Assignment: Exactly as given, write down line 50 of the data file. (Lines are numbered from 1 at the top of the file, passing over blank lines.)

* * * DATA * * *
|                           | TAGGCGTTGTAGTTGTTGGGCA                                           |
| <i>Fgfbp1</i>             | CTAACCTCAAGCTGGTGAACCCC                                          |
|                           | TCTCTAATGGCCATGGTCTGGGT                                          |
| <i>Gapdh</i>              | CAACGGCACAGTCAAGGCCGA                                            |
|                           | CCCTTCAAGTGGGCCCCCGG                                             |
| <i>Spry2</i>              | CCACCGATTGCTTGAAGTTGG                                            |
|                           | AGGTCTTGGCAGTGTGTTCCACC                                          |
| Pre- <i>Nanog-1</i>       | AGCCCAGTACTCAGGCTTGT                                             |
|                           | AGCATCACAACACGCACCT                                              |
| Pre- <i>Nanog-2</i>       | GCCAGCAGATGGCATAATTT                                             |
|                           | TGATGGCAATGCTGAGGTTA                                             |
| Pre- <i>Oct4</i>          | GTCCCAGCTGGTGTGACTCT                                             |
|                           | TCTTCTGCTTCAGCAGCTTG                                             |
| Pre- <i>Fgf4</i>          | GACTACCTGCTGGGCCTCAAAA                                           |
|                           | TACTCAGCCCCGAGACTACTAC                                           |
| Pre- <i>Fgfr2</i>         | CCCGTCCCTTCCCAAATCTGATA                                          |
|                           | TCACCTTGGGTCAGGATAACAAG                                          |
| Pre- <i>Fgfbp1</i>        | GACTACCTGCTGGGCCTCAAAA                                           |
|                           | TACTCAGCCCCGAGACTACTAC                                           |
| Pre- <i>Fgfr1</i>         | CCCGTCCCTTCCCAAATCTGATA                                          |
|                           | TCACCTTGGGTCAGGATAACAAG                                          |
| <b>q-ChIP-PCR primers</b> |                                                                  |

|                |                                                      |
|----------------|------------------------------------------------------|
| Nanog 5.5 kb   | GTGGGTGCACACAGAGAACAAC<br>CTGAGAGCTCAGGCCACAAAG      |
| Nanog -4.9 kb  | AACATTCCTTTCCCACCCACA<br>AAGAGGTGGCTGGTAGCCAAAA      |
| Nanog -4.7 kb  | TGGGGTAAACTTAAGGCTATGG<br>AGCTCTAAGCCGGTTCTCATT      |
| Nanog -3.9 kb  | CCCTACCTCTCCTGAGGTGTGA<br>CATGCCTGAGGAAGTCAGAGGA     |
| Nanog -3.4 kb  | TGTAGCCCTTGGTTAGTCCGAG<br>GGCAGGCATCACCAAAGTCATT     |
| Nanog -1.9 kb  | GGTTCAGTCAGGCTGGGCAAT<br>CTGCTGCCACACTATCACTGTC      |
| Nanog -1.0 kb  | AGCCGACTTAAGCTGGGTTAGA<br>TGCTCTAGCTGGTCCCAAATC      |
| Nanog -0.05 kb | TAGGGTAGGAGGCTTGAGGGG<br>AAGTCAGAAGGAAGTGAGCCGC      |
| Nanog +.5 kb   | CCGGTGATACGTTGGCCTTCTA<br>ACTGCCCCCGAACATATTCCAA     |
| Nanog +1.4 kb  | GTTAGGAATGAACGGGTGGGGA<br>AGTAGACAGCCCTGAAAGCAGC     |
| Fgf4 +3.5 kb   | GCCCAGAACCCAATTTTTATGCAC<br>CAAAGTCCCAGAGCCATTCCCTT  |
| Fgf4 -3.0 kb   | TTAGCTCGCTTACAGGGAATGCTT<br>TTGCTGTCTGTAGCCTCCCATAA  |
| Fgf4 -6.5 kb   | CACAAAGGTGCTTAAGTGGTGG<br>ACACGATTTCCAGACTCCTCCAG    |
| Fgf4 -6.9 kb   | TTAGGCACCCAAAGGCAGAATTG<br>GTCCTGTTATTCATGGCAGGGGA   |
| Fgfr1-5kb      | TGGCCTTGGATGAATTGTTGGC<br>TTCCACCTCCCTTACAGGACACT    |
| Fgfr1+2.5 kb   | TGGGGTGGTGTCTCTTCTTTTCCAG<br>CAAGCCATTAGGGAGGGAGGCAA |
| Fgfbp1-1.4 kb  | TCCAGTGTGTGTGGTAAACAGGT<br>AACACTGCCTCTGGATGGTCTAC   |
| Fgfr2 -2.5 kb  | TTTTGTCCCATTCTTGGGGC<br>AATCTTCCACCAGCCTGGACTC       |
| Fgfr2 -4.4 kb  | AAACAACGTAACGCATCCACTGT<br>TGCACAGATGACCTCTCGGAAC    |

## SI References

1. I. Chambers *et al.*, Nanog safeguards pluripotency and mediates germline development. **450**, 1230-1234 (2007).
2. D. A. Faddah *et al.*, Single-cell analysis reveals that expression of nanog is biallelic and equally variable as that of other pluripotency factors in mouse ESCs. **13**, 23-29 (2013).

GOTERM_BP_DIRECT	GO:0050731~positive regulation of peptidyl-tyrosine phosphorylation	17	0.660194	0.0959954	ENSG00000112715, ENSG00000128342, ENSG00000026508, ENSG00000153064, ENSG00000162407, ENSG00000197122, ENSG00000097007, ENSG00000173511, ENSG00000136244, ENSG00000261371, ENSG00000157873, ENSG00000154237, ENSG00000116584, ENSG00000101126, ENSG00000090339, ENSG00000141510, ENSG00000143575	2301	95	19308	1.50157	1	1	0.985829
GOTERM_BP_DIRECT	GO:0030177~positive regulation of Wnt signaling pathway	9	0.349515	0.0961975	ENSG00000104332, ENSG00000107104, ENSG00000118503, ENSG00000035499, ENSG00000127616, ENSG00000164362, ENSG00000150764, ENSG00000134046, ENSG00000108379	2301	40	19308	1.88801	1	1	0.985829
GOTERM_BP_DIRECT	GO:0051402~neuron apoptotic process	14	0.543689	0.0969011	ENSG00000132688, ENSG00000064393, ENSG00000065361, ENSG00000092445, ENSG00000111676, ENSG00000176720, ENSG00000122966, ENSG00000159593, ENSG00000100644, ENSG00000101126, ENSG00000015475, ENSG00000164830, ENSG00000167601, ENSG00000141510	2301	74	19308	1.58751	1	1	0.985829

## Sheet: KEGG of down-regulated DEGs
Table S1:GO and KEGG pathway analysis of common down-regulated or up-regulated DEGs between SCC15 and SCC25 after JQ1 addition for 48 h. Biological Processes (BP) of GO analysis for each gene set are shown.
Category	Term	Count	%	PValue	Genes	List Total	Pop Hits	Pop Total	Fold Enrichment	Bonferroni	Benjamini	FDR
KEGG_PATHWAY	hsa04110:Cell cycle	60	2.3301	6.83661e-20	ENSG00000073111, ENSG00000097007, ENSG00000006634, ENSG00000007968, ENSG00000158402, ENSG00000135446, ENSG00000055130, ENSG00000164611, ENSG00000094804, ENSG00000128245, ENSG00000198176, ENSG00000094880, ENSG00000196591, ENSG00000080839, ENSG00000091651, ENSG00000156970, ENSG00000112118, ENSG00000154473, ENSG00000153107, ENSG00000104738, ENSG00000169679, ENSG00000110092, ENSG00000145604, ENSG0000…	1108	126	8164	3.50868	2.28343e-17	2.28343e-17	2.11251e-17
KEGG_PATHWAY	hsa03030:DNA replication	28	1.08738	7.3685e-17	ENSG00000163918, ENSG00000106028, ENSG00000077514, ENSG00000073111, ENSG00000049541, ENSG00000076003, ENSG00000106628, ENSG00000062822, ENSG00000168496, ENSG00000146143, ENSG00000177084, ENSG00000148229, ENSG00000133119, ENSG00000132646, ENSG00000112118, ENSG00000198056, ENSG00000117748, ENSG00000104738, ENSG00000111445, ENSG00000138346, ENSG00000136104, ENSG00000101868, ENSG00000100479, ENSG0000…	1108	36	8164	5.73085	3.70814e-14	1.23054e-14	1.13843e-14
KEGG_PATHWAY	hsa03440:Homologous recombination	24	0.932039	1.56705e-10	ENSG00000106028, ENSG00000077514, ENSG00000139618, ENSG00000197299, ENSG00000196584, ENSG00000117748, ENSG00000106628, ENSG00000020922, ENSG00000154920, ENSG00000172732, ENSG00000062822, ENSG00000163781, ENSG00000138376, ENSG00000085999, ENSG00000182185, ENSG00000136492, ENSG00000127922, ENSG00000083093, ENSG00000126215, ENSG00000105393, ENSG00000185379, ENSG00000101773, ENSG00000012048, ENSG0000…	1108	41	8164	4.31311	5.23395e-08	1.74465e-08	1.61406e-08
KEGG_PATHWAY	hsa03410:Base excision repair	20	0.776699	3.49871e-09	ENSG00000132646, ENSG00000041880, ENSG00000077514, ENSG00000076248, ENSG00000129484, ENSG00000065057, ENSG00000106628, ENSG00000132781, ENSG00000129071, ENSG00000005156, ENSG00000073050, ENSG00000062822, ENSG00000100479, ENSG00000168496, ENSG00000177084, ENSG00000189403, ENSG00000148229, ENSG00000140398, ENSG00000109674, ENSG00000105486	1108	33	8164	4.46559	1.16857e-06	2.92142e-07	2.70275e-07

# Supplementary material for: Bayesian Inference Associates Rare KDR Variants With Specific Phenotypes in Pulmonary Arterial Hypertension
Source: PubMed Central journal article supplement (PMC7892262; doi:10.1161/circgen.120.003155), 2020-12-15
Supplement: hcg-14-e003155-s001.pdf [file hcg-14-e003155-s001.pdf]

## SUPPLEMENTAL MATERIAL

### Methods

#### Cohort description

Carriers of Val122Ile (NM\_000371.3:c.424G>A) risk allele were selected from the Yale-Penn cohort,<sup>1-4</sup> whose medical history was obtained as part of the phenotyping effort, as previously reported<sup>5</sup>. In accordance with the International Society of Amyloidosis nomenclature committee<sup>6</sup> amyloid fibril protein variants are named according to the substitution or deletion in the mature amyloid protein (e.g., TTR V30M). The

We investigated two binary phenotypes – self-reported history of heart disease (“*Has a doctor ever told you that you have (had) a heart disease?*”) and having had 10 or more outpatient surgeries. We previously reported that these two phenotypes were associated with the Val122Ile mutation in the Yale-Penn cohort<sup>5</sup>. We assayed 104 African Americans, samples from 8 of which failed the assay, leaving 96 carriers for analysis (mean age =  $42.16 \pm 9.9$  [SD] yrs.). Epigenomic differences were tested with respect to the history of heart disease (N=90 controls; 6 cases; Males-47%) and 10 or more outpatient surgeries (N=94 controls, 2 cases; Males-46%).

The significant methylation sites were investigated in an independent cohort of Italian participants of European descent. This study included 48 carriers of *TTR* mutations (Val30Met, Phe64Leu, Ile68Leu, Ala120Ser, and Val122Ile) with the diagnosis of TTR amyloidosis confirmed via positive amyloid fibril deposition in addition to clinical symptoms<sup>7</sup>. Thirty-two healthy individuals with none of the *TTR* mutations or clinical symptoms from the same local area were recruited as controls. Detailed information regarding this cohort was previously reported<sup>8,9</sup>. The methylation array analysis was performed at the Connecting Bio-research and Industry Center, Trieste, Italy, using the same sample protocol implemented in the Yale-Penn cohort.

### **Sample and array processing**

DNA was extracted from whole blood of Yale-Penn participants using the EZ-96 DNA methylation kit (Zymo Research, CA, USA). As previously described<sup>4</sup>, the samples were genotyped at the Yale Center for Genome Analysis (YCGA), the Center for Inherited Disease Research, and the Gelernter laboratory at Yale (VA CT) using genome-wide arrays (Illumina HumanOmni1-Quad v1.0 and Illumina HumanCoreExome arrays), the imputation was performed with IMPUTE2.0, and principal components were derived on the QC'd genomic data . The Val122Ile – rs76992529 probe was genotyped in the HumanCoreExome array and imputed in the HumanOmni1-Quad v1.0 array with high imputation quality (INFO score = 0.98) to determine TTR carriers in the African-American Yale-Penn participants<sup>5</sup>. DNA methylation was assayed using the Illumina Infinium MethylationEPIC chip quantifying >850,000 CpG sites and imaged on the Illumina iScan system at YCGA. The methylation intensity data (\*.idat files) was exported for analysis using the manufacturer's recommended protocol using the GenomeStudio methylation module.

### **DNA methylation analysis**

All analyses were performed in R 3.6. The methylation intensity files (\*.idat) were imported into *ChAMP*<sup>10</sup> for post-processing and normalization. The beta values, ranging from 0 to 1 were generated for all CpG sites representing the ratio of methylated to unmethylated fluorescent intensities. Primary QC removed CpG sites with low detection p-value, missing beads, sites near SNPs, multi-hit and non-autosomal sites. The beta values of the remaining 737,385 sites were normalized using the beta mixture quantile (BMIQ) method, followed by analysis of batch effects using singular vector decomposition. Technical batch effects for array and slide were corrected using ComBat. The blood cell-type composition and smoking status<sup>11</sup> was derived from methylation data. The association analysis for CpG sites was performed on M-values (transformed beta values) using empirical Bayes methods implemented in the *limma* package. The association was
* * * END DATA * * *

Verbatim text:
## Sheet: KEGG of down-regulated DEGs